We followed up with a breakfast of champions and I ate everything I could find. Cereal, toast, fruit, pancakes, yoghurt and lots and lots of coffee. After breakfast we snorkelled again, this time off the neighbouring Sulung Island. Here the coral was more vibrant and colourful. Baby reef sharks could be seen in the shallow waters as well as few rather large jellyfish. Knackered, I spent most of the time clinging to the floaty ring! After Lunch at the resort we then headed back to mainland and checked back into to Downbelow Lodge. That evening we ventured out for a run to Tanjung Aru beach to see the sunset.

For the run we were joined by Jess’ sister Narna along with an additional film crew in tow (filming a documentary on the sisters). We ran the along the busy main roads and cycle path to the beach. From there we turned and ran back along the beach where we had plenty of photos and stopped at the beachside market to enjoy a fresh coconut as the sunset. That evening we headed out for dinner and drinks to a Mexican restaurant where the food was fantastic. The next day we’d begin our journey into the mainland of Borneo…

 

Day 3

We woke to breakfast in the lodge once more before we Loaded into the buses and drove to Kiulu for the next adventure. We arrived at the Kiulu Farmstay – Where we’d spend the night camping in a facility built by the local community and volunteers. We were greeted with what I thought was the best food from the trip so far – A combination of banana hearts, chicken, potato, papaya and local greens with chilli along with rice wrapped in banana leaf. All grown/produced on the Farmstay which was a cooperation from 13 nearby villages. We took the opportunity to capture a few photos with the drone whilst we digested lunch before heading out on the next run – A 10km with 400m of elevation that would take us to a waterfall deep in the jungle.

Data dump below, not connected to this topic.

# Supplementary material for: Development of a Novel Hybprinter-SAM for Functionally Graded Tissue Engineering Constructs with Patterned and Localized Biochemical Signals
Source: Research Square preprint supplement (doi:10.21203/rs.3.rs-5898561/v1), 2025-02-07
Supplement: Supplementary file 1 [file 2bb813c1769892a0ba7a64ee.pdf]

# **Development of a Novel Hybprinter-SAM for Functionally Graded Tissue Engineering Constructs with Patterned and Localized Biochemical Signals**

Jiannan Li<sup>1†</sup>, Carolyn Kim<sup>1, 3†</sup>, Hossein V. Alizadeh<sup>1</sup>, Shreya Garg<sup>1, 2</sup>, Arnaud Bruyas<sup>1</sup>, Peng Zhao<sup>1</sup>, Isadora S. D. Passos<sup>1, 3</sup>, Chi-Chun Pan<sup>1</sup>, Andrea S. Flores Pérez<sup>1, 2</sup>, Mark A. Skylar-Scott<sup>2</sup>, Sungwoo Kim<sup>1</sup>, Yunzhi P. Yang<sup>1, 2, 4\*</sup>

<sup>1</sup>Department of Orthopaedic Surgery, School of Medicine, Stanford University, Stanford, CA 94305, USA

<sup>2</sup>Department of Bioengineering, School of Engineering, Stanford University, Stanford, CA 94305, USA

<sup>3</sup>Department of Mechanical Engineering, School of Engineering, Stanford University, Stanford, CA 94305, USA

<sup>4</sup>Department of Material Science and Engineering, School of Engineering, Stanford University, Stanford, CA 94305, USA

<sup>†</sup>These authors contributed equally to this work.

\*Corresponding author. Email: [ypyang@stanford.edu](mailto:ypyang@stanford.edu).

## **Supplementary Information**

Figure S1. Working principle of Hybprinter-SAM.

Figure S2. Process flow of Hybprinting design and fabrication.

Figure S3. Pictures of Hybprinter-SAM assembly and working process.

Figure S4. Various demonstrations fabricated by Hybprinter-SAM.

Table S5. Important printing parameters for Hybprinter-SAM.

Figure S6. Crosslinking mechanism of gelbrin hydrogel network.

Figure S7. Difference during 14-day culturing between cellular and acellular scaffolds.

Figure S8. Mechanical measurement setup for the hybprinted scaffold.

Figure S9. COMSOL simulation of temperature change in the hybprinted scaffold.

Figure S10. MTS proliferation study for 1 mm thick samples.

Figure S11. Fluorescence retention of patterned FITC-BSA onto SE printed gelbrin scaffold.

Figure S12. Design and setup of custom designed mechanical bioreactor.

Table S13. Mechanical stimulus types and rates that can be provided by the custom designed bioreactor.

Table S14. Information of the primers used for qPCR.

As we left the farmstay we ran up through a village to the beginning of the trail. We crossed over the first of many basic bridges built of wire and wood. Very, very wobbly. We climbed and ran some dirt tracks before running along the river and some wild and rocky trails. The smells were vivid, we weren’t sure what it was but it smelt like coriander to us. 

We then ran a short out and back with a ‘fruity’ climb to the waterfall. We took the local advice to dip in the water to cool off in the cold (but not icy) water. It was incredible. Instantly our temperatures were regulated and we were just as wet in the water as we were before we entered!

We ran back to the farm stay and jumped straight into the river there too so we could cool off again before we enjoyed another sunset evening yoga session with Lily alongside the river. This session involving more essential oils and massage techniques. All very relaxing but we were subjected to lots of bites from insects as the sun sent down!